Wednesday, October 10, 2012


Today was the day the accreditation team sat in on my 7th and 8th grade classes.  They slipped in the back of the class in their navy blazers and khaki pants, with their clipboards, opening the manila folder with the carefully-prepared, in-depth lesson plans.  I got the kids to stand up (we had already run through the more boring of our warm-ups) and we did the silly verb songs:

(to the tune of "Three Blind Mice")
o, s, t, mus, tis, nt
bam, bas, bat, bamus, batis, bant
bo bis bit bimus bitis bunt; or am es et emus etis ent
These are the endings for present system
Active voice.  Use the 1st principal part

i, isti, it, imus, istis, erunt
eram, eras, erat, eramus, eratis, erant
ero, eris, erit, erimus, eritis erint
These are the endings for perfect system
Active voice.  Use the 3rd principal part.

(and then to the tune of "Yankee Doodle")
r, ris, tur, mur, mini, ntur
Present system passive
r, ris, tur, mur, mini, ntur
Subject receives the action

Perfect system passive is a compound tense
with the 4th principal part;
PPP agrees with the subject,
then add a form of sum.

Then I hummed the "Twilight zone" theme and we entered the subjunctive zone.  Kids earned the right to sit down by correctly giving a grammar rule or verb form or translation.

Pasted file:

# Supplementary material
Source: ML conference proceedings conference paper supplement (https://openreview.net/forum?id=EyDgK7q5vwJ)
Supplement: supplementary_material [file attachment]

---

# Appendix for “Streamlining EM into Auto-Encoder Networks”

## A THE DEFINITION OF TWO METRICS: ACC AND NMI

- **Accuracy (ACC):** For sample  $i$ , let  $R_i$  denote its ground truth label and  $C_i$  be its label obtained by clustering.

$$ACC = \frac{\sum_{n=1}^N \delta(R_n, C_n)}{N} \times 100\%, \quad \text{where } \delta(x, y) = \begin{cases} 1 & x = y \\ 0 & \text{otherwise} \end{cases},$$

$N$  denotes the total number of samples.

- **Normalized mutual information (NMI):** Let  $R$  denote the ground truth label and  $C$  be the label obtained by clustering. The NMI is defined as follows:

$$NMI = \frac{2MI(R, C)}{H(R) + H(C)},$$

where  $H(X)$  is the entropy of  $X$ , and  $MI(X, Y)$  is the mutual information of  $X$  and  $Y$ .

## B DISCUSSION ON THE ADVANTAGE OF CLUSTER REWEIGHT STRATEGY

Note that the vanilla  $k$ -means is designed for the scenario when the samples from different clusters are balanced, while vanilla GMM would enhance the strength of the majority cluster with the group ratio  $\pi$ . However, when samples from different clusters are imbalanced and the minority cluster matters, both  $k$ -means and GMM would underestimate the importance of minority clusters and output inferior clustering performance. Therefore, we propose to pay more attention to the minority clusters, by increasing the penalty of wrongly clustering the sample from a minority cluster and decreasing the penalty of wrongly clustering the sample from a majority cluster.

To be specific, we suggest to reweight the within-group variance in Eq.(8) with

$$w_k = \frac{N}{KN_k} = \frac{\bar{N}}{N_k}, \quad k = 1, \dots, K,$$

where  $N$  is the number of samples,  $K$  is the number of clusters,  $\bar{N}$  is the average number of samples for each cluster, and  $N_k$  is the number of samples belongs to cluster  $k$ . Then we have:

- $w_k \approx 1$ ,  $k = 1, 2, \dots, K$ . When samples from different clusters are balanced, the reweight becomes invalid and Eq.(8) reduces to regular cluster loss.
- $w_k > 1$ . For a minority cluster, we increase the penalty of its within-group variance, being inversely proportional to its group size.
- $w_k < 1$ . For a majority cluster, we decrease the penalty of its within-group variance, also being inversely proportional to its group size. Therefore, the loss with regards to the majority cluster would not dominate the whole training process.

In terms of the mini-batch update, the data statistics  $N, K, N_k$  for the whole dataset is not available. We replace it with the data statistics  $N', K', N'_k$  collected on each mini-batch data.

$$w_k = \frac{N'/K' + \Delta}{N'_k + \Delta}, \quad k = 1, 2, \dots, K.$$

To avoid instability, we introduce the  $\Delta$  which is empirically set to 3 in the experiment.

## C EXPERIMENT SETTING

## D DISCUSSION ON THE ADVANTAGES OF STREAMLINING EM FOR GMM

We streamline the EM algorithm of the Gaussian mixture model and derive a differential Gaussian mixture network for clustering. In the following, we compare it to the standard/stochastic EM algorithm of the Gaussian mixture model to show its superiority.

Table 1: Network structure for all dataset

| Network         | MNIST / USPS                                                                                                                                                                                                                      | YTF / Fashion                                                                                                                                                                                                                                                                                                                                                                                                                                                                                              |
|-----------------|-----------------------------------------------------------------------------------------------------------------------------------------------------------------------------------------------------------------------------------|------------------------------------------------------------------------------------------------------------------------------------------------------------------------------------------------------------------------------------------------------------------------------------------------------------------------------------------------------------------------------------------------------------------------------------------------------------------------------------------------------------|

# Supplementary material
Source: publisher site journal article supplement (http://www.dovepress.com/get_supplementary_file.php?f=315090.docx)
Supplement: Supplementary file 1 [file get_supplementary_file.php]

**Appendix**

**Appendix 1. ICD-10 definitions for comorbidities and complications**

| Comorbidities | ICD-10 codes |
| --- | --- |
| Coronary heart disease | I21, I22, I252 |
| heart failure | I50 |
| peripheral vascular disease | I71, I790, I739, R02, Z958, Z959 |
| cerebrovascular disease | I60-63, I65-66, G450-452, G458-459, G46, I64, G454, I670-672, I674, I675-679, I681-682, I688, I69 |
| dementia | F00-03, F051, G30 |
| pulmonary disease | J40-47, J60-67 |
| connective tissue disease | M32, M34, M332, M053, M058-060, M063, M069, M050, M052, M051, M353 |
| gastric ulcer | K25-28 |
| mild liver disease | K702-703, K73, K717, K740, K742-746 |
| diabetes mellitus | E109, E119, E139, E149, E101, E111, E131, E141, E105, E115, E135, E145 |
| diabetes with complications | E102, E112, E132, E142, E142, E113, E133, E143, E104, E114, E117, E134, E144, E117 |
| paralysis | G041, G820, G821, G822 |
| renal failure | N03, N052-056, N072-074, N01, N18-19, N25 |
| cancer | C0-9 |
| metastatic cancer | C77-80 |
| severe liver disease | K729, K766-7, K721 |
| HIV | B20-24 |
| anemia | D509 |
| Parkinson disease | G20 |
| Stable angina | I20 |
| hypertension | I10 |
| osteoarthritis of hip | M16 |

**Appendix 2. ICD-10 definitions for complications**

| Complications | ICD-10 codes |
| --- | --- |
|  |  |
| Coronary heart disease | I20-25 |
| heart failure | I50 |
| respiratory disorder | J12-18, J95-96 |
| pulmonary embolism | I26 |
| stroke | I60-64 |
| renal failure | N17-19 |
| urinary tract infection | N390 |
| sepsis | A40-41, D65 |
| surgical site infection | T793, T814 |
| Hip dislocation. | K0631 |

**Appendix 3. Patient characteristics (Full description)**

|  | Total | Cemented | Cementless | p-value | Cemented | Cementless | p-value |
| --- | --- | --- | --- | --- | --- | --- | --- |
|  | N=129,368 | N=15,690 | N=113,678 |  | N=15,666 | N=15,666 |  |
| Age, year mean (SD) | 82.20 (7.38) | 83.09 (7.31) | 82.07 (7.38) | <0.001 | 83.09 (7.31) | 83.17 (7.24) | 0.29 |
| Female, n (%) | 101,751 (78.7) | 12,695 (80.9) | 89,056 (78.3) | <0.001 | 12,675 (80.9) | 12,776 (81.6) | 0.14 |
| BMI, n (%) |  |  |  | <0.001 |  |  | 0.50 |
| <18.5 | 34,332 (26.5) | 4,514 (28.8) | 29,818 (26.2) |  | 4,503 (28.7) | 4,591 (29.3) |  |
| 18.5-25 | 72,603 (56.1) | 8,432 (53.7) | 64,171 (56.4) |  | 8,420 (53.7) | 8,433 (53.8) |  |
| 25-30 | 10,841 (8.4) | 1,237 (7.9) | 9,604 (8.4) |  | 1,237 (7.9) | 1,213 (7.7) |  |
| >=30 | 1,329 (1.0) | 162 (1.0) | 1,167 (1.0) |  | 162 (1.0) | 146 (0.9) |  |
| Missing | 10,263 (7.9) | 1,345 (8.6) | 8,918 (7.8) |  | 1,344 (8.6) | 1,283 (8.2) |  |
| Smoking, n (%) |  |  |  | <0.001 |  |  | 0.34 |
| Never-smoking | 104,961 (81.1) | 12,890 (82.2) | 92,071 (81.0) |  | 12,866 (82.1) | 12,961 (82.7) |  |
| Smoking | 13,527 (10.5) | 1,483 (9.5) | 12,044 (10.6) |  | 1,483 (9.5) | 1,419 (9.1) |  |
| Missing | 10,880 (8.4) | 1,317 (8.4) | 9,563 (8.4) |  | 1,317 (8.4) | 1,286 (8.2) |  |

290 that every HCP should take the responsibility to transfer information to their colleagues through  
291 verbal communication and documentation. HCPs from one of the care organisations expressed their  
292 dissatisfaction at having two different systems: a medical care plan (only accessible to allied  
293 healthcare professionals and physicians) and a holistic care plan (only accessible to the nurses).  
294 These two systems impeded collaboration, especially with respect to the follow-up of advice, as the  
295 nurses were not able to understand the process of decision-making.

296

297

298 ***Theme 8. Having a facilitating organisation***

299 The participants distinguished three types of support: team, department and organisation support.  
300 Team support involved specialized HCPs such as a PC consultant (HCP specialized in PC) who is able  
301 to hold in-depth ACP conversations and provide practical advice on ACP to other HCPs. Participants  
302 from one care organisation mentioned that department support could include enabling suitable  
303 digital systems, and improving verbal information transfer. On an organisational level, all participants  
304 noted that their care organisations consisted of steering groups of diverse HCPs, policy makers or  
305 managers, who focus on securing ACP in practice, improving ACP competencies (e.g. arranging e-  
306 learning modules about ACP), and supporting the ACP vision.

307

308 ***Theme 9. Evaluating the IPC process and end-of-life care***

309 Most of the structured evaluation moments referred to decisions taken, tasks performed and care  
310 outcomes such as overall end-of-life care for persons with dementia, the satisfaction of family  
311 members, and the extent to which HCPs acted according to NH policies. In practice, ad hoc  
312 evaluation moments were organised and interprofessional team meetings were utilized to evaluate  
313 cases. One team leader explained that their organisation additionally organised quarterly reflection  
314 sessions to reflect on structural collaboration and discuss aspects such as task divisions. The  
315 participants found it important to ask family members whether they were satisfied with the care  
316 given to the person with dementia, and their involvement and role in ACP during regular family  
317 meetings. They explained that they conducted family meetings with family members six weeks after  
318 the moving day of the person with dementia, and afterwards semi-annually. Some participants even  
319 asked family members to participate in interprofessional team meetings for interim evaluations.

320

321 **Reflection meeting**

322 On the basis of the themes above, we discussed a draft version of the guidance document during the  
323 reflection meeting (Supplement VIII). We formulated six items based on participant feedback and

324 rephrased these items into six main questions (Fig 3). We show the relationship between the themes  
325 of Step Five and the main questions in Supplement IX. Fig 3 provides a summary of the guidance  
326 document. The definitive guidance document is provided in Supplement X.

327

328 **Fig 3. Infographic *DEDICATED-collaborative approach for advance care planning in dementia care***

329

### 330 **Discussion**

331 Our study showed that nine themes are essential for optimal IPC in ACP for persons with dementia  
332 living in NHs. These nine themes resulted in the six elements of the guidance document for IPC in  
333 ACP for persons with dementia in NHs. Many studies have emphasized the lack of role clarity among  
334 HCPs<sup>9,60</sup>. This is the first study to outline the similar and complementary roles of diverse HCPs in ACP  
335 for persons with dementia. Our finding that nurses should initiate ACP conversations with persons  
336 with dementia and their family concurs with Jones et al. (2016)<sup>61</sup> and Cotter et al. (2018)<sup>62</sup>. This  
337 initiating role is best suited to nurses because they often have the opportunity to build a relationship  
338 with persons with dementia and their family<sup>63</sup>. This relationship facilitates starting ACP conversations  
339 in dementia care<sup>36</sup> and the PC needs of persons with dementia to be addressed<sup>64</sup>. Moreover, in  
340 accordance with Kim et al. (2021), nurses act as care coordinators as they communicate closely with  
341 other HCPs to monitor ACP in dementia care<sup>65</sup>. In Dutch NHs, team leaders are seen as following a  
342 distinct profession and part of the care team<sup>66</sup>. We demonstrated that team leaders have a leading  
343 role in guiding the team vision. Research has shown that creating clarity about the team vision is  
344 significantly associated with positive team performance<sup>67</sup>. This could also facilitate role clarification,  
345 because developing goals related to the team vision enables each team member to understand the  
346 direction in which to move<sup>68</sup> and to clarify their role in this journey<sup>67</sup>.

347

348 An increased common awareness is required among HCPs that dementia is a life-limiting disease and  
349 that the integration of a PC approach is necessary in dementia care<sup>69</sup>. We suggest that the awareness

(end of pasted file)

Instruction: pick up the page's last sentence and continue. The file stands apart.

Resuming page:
Then I felt extremely awkward and self-conscious and I basically ditched my lesson plan.  Well, not really.  But in a flash of self-awareness I realized that I can't stick to a lesson plan when it's written out in that much detail, and the inspectors would not like to see me up at the board diagramming sentences, and anything else we might work on would be too much lecture and too little student involvement, but the kids really needed to work on translating sentences with purpose clauses.

So I invented a game.  I called on a team of two volunteers from each House to come up and jointly race to translate and diagram the 1st sentence from tomorrow's homework.  I called on members of their Houses who remained seated to help them with grammar advice.  This is 7th grade so there was a lot of need for grammar support.  It actually went surprisingly well, for a seat-of-the-pants innovation.  Either I've invented the newest fun Latin game, or I've cost the school its shot at accreditation. 

Eighth grade was a little more traditionally structured.  We had a bread-and-butter lesson to get through.  The fun review happened before the inspectors walked into the classroom, and then it was just going around the room and correcting sentences.  Simple sentences, so we didn't have to put any up on the board.  Then introduction of the new lesson (hic/haec/hoc and ille/illa/illud).  We made vocabulary and grammar cards, we reviewed the honking geese who aren't shy (these geese that come right up to you) and the tweety birds (those shy birds off in the forest).  My kids were troopers and had their homework all done well.  It might have been a more interesting class if they hadn't, but I'm glad they had.

I'm putting an end to it for tonight and making grape pie

Do you suppose spontaneous is just another word for random?

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